The armour: protecting employee wellbeing through mental health training    

Think about four of your colleagues. Now, add yourself to this group. How would you feel knowing that at least one of you has struggled with poor mental health because of work in the last year alone? With one in five employed Australiansi experiencing stress, anxiety or depression stemming from work, creating mentally healthy workplaces is an urgent need.    

In 2022, managing mental health in the workplace is increasingly perceived as a fundamental skill of people leadership in the Australian workplace. There are a vast range of programs in the market, from eLearning sessions to full week training programs. So, what works?

The premise of best-practice-informed mental health training programmes focus on building the capacity of employees to  

  • recognise signs of poor mental health among their peers or team members, 
  • respond appropriately to mental health needs, 
  • refer staff in need of mental health help to suitable support services,  
  • reconnecting and reaching out to vulnerable staff to support their wellbeing,  
  • and ultimately, support employees in recovering from psychological injuries, or episodes of poor mental health.

In addition to training interventions that build a psychologically safe community at work, resilience building training interventions can also enable staff to cope in healthy ways during times of mental stress. The nature of work-related stressors varies across multiple industries. Therefore, customising training programmes to address specific risks within organisations increases the efficacy of these interventions.  

For instance, essential workers within some industries such as retail experienced disproportionately high rates of mental ill health through the Covid-19 pandemic. Based on findings reported by Safe Work Australia, retail workers experienced amongst the highest rates of workplace injury over the last few yearsi. Further, two out of three retail workers appear to have experienced high rates of distress and mental ill health since the onset of the pandemicii. Insecure working conditions, high rates of exposure to aggression from customers, low control over job design, high frequency and constant work-related stress are amongst the leading factors contributing to this state of poor mental health amongst retail workers. 

The Centre for Corporate Health recently conducted a mental health training programme among People leaders at Coles, an Australian supermarket, retail, and consumer services chain. The organisation sought to address the high risk within their industry of workers suffering from mental ill health resulting from workplace stress. To assess the effectiveness of our programme, we surveyed Coles leaders who undertook the training programme before and after their participation, to understand how the programme had benefited them. We found that participants’ confidence in responding and supporting mental health needs among their colleagues improved by over 50%, after having completed the training programme!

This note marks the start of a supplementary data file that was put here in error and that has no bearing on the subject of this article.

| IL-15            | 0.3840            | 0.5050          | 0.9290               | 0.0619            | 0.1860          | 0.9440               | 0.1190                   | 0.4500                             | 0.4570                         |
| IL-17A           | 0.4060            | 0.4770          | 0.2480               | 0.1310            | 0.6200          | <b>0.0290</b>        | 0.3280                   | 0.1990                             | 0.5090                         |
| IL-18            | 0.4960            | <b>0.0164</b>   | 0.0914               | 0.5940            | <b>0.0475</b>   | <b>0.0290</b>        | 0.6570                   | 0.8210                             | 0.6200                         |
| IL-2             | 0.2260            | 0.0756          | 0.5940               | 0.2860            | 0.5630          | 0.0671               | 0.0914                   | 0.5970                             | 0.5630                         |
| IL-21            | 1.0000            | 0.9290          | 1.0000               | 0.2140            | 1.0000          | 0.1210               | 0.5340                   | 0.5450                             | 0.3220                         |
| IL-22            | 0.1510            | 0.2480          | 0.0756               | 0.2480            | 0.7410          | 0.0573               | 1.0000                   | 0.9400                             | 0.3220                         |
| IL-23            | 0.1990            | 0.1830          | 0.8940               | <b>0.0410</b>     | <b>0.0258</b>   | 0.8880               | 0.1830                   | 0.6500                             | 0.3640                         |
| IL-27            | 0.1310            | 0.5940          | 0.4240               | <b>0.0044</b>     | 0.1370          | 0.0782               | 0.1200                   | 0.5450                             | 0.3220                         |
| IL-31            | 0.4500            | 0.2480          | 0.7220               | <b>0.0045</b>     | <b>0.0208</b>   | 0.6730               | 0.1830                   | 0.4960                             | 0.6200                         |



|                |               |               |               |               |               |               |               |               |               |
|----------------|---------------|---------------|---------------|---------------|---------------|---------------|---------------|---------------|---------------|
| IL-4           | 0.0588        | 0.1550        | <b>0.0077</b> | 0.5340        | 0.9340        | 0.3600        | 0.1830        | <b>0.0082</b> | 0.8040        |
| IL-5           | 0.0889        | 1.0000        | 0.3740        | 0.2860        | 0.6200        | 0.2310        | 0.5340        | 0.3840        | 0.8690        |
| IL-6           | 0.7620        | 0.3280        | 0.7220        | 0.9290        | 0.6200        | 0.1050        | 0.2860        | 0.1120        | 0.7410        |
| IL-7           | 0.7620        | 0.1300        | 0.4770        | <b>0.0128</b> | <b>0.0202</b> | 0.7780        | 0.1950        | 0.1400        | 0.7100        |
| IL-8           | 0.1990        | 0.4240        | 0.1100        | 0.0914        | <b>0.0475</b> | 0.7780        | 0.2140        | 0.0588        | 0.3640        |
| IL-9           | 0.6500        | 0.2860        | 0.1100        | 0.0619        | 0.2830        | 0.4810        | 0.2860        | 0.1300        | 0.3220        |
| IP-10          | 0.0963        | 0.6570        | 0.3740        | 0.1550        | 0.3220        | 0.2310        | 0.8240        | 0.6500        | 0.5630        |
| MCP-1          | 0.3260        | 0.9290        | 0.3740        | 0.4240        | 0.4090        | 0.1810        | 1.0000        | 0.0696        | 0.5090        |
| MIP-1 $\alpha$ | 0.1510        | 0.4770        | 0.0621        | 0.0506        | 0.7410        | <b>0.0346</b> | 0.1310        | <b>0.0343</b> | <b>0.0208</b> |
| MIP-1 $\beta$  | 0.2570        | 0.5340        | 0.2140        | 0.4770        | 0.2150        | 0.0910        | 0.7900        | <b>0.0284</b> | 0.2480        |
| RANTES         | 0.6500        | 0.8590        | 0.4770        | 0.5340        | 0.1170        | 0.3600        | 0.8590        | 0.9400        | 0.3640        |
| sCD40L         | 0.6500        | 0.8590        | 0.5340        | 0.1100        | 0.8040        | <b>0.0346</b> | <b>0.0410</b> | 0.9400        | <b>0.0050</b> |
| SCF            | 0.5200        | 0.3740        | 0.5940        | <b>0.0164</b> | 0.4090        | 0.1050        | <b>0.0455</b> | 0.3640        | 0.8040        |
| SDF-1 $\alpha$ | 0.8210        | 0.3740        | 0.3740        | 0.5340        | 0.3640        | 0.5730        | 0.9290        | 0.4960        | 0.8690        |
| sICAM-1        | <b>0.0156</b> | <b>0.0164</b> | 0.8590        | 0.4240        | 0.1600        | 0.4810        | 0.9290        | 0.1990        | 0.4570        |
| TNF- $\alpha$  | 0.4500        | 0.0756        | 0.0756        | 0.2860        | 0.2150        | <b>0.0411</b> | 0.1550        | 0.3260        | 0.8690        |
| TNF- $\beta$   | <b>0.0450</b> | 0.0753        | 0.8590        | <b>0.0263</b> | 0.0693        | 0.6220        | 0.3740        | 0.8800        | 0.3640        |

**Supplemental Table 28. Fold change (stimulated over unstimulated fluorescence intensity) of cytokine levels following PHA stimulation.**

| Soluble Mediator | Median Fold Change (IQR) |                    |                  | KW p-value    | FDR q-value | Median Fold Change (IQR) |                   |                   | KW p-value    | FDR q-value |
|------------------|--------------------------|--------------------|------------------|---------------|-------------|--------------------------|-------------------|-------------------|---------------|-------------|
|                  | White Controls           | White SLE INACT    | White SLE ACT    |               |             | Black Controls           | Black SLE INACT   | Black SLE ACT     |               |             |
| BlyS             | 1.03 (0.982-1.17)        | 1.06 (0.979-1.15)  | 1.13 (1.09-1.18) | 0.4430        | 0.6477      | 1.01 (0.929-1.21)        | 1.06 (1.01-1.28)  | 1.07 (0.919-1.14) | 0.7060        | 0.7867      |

These encouraging preliminary results hold promise as they demonstrate that it is possible to embed mental health supports into the daily lives of Australians. Building key mental health support skills within organisations not only ensures that people who are struggling are supported within their workplaces but also within their communities, where these skills can be transferred into workers’ personal lives. As relentless global circumstances rage on, unleashing uncertainty and triggering anxiety at an unprecedented rate, a simple intervention such as workplace mental health training might ultimately spell the difference between life and death for many in our midst.  

For more information on workplace mental health training, contact the Centre for Corporate Health 02 8243 1500 or

[i] Beyond Blue, 2014. State of Workplace Mental Health in Australia.

[ii] Superfriend, 2020. Spotlight on the Retail Industry.